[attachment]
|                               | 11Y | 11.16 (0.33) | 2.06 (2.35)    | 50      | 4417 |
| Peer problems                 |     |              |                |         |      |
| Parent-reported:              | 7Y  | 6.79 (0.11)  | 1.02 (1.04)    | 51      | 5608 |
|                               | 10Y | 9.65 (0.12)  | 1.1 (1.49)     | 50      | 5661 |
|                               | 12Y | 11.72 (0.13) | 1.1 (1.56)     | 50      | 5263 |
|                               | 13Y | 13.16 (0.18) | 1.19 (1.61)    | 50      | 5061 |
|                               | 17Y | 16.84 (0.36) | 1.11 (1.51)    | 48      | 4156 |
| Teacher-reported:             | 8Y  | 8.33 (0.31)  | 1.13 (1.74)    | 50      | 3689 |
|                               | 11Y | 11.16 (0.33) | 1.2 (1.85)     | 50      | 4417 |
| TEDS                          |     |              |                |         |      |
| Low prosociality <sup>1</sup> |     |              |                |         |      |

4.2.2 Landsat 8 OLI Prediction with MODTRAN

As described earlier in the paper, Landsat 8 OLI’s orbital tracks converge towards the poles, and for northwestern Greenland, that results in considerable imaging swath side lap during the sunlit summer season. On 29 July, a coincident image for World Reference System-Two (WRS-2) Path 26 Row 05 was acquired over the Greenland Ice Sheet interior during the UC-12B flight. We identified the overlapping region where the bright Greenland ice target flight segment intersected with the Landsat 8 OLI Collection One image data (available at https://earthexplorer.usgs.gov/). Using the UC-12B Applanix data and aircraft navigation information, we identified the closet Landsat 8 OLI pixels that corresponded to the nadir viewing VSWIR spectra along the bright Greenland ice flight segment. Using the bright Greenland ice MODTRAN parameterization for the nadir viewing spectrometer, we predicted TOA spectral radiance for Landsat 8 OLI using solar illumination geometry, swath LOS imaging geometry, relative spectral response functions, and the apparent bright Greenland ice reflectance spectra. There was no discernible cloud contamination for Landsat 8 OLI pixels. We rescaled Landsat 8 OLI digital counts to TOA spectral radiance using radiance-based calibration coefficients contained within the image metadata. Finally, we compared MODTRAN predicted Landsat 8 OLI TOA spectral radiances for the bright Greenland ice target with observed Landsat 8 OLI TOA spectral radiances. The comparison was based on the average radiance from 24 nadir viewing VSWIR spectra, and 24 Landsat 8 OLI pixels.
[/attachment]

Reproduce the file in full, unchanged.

|                               | 11Y | 11.16 (0.33) | 2.06 (2.35)    | 50      | 4417 |
| Peer problems                 |     |              |                |         |      |
| Parent-reported:              | 7Y  | 6.79 (0.11)  | 1.02 (1.04)    | 51      | 5608 |
|                               | 10Y | 9.65 (0.12)  | 1.1 (1.49)     | 50      | 5661 |
|                               | 12Y | 11.72 (0.13) | 1.1 (1.56)     | 50      | 5263 |
|                               | 13Y | 13.16 (0.18) | 1.19 (1.61)    | 50      | 5061 |
|                               | 17Y | 16.84 (0.36) | 1.11 (1.51)    | 48      | 4156 |
| Teacher-reported:             | 8Y  | 8.33 (0.31)  | 1.13 (1.74)    | 50      | 3689 |
|                               | 11Y | 11.16 (0.33) | 1.2 (1.85)     | 50      | 4417 |
| TEDS                          |     |              |                |         |      |
| Low prosociality <sup>1</sup> |     |              |                |         |      |

4.2.2 Landsat 8 OLI Prediction with MODTRAN

As described earlier in the paper, Landsat 8 OLI’s orbital tracks converge towards the poles, and for northwestern Greenland, that results in considerable imaging swath side lap during the sunlit summer season. On 29 July, a coincident image for World Reference System-Two (WRS-2) Path 26 Row 05 was acquired over the Greenland Ice Sheet interior during the UC-12B flight. We identified the overlapping region where the bright Greenland ice target flight segment intersected with the Landsat 8 OLI Collection One image data (available at https://earthexplorer.usgs.gov/). Using the UC-12B Applanix data and aircraft navigation information, we identified the closet Landsat 8 OLI pixels that corresponded to the nadir viewing VSWIR spectra along the bright Greenland ice flight segment. Using the bright Greenland ice MODTRAN parameterization for the nadir viewing spectrometer, we predicted TOA spectral radiance for Landsat 8 OLI using solar illumination geometry, swath LOS imaging geometry, relative spectral response functions, and the apparent bright Greenland ice reflectance spectra. There was no discernible cloud contamination for Landsat 8 OLI pixels. We rescaled Landsat 8 OLI digital counts to TOA spectral radiance using radiance-based calibration coefficients contained within the image metadata. Finally, we compared MODTRAN predicted Landsat 8 OLI TOA spectral radiances for the bright Greenland ice target with observed Landsat 8 OLI TOA spectral radiances. The comparison was based on the average radiance from 24 nadir viewing VSWIR spectra, and 24 Landsat 8 OLI pixels.